Synopses & Reviews
Ignored upon its publication in 1926 in a Russian-emigre periodical, Marina Tsvetaeva's extraordinary narrative poem The Ratcatcher is today deemed by critics and readers to be the zenith of her impressive oeuvre. Written in Prague and Paris in the mid- 1920s and now available in the United States for the first time, The Ratcatcher is at once a paean to literary tradition and a scathing attack on the materialistic, unspiritual lifestyle embraced by post-Bolshevik Russia.
The Ratcatcher retells the legend of the German town of Hamlin, which in the year 1284 was so badly overrun by rats that the Burgomaster promised a large sum of money (and his daughter's hand in marriage) to anyone who could remove them. A colorfully dressed wandering piper lured all the rats away and drowned them in a nearby river. When the reward was refused him, he returned to the town and lured away all the children (and the Burgomaster's adult daughter), disappearing with them into the side of a mountain.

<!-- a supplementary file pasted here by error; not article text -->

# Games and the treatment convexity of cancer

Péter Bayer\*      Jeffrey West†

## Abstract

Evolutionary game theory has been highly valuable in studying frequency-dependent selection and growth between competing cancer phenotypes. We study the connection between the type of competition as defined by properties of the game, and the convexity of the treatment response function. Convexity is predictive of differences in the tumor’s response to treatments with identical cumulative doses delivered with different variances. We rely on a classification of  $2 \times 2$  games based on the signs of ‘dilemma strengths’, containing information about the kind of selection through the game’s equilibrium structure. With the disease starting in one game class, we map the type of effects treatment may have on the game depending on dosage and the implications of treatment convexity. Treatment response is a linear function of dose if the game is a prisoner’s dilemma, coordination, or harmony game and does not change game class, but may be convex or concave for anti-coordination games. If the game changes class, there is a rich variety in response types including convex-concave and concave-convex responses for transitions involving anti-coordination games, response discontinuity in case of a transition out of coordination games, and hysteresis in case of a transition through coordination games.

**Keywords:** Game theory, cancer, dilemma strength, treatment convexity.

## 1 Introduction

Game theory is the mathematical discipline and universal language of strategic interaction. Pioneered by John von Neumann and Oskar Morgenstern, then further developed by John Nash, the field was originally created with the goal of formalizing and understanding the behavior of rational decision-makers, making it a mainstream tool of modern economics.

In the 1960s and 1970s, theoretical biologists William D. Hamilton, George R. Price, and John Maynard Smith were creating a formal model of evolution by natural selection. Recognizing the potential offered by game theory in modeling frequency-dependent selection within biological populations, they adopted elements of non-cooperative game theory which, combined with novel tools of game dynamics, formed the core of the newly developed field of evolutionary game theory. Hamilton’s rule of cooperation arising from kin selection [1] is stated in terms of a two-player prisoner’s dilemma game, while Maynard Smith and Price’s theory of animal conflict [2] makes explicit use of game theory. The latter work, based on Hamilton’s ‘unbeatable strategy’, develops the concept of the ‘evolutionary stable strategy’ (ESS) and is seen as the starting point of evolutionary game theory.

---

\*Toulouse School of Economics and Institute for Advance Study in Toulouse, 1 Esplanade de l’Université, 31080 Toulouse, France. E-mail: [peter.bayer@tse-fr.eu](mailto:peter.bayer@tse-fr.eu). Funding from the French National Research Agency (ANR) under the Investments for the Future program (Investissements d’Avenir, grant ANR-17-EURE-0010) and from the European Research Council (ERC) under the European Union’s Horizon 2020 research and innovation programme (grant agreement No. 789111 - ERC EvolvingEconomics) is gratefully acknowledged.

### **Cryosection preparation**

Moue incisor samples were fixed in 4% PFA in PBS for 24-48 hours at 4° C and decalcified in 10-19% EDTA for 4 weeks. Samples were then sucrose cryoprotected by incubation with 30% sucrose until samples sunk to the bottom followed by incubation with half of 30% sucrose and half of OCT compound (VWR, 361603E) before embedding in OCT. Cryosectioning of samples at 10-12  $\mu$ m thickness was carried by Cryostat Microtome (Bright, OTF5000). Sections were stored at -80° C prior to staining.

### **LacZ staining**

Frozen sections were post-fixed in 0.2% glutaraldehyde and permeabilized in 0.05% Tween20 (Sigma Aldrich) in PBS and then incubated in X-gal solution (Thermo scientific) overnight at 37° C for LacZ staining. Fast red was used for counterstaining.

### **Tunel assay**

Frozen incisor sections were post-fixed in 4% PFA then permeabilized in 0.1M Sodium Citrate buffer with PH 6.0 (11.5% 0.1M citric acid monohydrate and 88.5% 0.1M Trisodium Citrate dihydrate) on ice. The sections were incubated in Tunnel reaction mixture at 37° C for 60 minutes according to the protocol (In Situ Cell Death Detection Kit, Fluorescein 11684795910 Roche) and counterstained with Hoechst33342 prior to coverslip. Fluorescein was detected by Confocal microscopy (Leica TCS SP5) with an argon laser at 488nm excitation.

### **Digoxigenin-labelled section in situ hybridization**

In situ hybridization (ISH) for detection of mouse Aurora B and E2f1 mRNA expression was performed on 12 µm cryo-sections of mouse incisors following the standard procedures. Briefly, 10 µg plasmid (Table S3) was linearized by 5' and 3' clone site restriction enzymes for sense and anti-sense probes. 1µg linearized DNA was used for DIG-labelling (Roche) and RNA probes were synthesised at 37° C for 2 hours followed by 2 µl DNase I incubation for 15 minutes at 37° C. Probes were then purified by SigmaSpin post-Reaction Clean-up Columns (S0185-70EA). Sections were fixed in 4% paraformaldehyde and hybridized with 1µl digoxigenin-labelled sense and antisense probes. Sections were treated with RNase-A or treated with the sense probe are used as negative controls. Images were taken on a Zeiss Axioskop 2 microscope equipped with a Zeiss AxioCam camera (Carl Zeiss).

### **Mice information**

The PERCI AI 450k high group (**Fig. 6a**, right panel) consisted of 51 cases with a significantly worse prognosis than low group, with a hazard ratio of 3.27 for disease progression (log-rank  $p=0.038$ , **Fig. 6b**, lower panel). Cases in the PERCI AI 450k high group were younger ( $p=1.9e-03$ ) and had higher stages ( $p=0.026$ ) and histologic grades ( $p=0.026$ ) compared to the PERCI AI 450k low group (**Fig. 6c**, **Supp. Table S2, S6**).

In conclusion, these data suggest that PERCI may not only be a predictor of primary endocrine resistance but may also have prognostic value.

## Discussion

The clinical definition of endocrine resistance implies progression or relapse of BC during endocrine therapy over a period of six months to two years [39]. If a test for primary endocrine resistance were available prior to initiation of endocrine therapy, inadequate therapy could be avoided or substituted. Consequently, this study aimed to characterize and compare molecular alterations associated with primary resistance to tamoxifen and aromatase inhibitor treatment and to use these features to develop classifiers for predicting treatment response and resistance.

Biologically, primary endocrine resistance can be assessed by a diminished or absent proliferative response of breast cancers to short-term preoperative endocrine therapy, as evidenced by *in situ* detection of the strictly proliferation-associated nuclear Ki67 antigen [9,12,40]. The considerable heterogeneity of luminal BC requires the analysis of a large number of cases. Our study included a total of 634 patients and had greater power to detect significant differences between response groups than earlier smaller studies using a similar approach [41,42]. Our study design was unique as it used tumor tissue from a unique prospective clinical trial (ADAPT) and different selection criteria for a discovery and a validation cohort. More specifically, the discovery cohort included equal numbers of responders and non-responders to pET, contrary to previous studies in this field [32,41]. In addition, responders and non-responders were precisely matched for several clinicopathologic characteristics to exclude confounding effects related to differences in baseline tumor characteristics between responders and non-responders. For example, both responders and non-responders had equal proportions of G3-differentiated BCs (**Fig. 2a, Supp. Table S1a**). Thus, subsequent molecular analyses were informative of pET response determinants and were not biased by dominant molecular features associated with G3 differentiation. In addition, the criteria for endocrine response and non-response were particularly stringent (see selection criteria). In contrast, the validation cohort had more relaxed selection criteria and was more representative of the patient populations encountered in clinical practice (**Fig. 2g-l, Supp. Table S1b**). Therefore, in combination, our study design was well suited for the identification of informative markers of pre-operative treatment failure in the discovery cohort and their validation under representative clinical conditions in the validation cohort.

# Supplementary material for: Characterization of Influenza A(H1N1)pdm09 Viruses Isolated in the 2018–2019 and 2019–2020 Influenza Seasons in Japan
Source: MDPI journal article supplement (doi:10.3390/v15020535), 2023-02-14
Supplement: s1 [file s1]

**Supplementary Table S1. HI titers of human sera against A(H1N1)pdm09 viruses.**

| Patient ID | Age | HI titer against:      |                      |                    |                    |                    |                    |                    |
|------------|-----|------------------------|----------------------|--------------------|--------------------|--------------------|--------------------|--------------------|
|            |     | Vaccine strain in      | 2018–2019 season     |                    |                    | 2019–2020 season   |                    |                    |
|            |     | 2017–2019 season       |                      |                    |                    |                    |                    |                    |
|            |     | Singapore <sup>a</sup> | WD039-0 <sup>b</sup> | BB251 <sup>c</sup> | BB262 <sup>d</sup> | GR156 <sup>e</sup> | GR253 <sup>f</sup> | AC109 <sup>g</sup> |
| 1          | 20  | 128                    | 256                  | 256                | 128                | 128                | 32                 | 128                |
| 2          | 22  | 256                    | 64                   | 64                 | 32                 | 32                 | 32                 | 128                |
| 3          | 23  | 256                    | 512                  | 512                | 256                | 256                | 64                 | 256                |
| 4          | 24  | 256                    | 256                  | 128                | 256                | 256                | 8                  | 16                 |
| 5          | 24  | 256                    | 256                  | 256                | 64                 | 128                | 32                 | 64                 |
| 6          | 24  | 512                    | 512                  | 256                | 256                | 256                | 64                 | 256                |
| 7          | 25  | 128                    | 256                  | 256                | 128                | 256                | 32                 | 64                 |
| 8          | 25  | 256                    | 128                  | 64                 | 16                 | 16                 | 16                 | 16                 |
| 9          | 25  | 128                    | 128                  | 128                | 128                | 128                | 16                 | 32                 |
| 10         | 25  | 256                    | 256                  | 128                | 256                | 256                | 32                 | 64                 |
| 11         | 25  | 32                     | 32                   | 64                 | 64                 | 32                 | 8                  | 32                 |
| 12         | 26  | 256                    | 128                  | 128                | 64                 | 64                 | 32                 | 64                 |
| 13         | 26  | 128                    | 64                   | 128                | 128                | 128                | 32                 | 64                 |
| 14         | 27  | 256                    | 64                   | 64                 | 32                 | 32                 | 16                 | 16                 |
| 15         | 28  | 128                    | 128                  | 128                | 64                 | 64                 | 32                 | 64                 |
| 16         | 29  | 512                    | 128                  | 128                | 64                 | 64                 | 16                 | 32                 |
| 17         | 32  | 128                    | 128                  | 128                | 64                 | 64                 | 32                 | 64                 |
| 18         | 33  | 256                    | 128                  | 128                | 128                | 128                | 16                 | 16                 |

Filled with irony and cloaked in satire, The Ratcatcher brims with the tension between the artist and the philistine, energy and sloth, honesty and hypocrisy, the naked and the overdressed -- a condemnation of the qualities Tsvetaeva felt were embodied by Russia's ex-revolutionaries, who in her opinion had grown as prosperous as the bourgeoisie they ousted. The Ratcatcher has been called "the angriest celebration of music ever written".
Marina Tsvetaeva's masterpiece, is a satirical version of the Pied Piper of Hamelin legend in the form of a complex narrative poem that bears all the marks of Tsvetaeva's poetic style. Written in 1926, it was not available in Russia until 1965, and has hitherto been virtually unknown in English.